15 Antidiabetic Prescriptions for Every Antiobesity One

September 09, 2016

In 2015, 15 times more antidiabetic drugs (excluding insulin) were dispensed to outpatients in the United States compared with antiobesity medications, new research shows.

Moreover, the rate of adoption of the new antiobesity medications was much slower than that for the new antidiabetic drug class, sodium-glucose cotransporter-2 (SGLT2) inhibitors, which entered the marketplace at the same time.

The research, by Catherine E Thomas, MS, from the Comprehensive Weight Control Center at Weill Cornell Medical College, New York, and colleagues, is published in the September issue of Obesity.

Specifically, she and her team aimed to see how the US Food and Drug Administration (FDA) approval of the antiobesity drugs lorcaserin (Belviq, Eisai) and phentermine/topiramate (Qsymia, Vivus) in 2012 and bupropion/naltrexone (Contrave, Takeda) in 2014 affected prescribing.

They compared this with the prescribing of SGLT2 inhibitors empagliflozin (Jardiance, Boehringer Ingelheim/Lilly), dapagliflozin (Farxiga/Forxiga, AstraZeneca) and canagliflozin (Invokana, Janssen), which were approved by the FDA to treat type 2 diabetes around the same time, in 2013 and 2014.

They found an almost exponential uptake of the SGLT2 inhibitors, but only a linear rate of adoption of the new antiobesity drugs.

"I was not surprised, [since] the underprescribing of antiobesity pharmacotherapies is widely known," Ms Thomas told Medscape Medical News in an email, although this is the first study to quantify national dispensing, she added.

Lack of Insurance Coverage Is Big Barrier to Prescribing

Barriers to prescribing antiobesity medications include lack of insurance coverage, unrealistic weight-loss expectations, and a reluctance to prescribe these agents for long-term use prior to results of long-term safety studies (given the postmarketing safety issues that appeared with previous discontinued obesity drugs), according to the researchers.

Other factors include "inadequate training of providers [and] reluctance to recognize obesity as a chronic disease that requires medical care," point out Theodore K Kyle, MD, from ConscienHealth, Pittsburgh, Pennsylvania and Fatima Cody Stanford, MD, from Harvard University, Boston, Massachusetts, in an accompanying editorial.

"The unmet need for better obesity care is considerable," they stress. To achieve this "will require more work to quantify the outcomes that current therapies can deliver in real-world settings and a deeper understanding of the most important barriers to their adoption."

Lack of insurance coverage remains a top reason for the low uptake of these newer antiobesity drugs, which can cost roughly $200 a month, Charles Billington, MD, director of medical weight management at the University of Minnesota and past president and spokesperson for the Obesity Society, told Medscape Medical News. Interestingly, SGLT2 inhibitors also cause weight reduction, which may also have influenced some physicians to prescribe them, he speculated.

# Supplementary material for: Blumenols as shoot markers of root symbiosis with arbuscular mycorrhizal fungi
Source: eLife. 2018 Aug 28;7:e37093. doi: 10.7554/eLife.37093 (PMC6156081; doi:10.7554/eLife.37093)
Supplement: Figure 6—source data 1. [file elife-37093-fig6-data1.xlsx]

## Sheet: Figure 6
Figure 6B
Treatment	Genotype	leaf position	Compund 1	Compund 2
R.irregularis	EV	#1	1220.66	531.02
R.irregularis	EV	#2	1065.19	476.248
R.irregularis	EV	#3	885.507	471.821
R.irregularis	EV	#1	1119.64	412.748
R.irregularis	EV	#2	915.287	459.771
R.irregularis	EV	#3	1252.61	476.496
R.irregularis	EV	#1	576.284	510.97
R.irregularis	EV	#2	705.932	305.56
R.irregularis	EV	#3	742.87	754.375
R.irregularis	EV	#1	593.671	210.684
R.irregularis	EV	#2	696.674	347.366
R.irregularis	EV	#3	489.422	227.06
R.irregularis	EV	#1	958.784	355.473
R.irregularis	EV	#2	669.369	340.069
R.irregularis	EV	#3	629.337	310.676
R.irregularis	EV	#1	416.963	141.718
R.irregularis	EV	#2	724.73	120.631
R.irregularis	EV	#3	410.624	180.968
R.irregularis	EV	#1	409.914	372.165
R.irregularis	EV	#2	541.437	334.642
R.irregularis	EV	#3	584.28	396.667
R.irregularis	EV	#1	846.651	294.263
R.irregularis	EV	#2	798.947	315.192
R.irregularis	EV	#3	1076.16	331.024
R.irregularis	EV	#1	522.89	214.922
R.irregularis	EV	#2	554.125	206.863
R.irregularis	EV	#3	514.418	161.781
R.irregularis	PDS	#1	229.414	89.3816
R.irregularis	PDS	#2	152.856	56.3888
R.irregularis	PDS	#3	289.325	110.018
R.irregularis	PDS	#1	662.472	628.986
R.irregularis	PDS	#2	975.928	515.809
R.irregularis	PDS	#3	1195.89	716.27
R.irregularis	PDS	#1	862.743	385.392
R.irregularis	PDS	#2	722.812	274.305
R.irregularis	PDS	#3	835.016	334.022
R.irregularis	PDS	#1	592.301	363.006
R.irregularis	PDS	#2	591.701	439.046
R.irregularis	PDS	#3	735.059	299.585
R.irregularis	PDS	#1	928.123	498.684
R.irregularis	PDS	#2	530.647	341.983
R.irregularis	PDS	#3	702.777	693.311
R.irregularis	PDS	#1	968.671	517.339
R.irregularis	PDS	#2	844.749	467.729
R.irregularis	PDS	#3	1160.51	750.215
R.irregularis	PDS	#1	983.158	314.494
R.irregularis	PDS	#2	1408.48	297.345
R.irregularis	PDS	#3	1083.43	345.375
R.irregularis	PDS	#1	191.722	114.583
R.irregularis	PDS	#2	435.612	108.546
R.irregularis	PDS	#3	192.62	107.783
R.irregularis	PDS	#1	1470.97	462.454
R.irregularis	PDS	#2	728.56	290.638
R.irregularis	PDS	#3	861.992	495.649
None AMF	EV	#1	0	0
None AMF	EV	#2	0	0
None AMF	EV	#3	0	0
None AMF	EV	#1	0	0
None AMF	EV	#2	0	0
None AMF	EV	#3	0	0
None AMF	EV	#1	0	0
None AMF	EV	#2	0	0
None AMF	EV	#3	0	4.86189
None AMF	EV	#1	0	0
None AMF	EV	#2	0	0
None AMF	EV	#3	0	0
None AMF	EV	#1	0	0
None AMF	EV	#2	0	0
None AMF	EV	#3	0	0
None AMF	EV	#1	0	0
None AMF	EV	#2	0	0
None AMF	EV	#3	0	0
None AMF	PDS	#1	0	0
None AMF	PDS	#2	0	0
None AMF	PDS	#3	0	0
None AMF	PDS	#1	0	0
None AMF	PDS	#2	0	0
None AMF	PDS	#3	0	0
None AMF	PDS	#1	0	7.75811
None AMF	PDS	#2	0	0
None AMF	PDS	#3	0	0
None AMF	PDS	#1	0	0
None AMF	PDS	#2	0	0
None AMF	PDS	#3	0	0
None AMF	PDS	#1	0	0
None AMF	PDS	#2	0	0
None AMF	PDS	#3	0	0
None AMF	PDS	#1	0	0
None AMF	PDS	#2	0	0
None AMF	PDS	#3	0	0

To increase the uptake of "the available FDA-approved antiobesity pharmacotherapies [for appropriate] patients who have not had success with a reduced-calorie diet and exercise regimen," more physicians should become certified by the American Board of Obesity Medicine (ABOM) — the fastest growing medical specialty in the United States — or refer patients to ABOM-certified physicians, Ms Thomas said.

116 Million Potential Candidates for Weight-Loss Drugs

In the United States, an estimated 116 million adults fit the criteria for the use of antiobesity pharmacotherapy (body mass index [BMI] ≥ 30 or ≥ 27 with hypertension, type 2 diabetes, or dyslipidemia) (Obesity. 2015;23;527–531),whereas 28.9 million adults have diabetes (21 million diagnosed), Ms Thomas explained.

Moreover, US studies have reported that 46% of adults meet the criteria for the use of antiobesity pharmacotherapy, but only 2% receive these drugs (Ann Epidemiol. 2012;22:349-353; Obesity. 2015;23:1721-1728); in contrast, of the 8.4% of adults with diagnosed diabetes, 86% receive antidiabetic agents.

Thus, Ms Thomas and colleagues performed a retrospective analysis of data from 2012 to August 2015 from the IMS Health National Prescription Audit and Xponent databases to examine the adoption rates of new antiobesity drugs vs SGLT2 inhibitors.

They found that 74.0% of the antiobesity drug prescriptions were for phentermine (which has been approved by the FDA for 3-month use since 1959) and only 18.6% were for the newer antiobesity drugs.

The mean increase in prescriptions/month was 25,259 for SGLT2 inhibitors, 5154 for new antiobesity pharmacotherapies, and 2718 for phentermine.

There were 15 times more dispensed antidiabetic drug prescriptions (excluding insulin) than dispensed antiobesity prescriptions.

Specifically, there were 13,263,432 prescriptions for antidiabetic medications, which included metformin, sulfonylureas, thiazolidinediones, dipeptidyl peptidase (DPP-4) inhibitors, SGLT2 inhibitors, glucagonlike peptide-1 (GLP-1) receptor agonists, bromocriptine, pramlintide, meglitinides, and alpha-glucosidase inhibitors, Ms Thomas explained.

At the same time there were 870,658 prescriptions for antiobesity medications, which included benzphetamine, naltrexone/bupropion, diethylpropion, liraglutide, lorcaserin, orlistat, phendimetrazine, phentermine, and topiramate/phentermine.

The study was supported by material donated by Vivus. Thomas reports having no relevant financial relationships. Disclosures for the coauthors are listed in the article. Dr Kyle received fees from Eisai and Novo Nordisk unrelated to this editorial. Dr Stanford reports having no relevant financial relationships.

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Obesity. 2016;24:1955-1961, 1832. Abstract, Editorial

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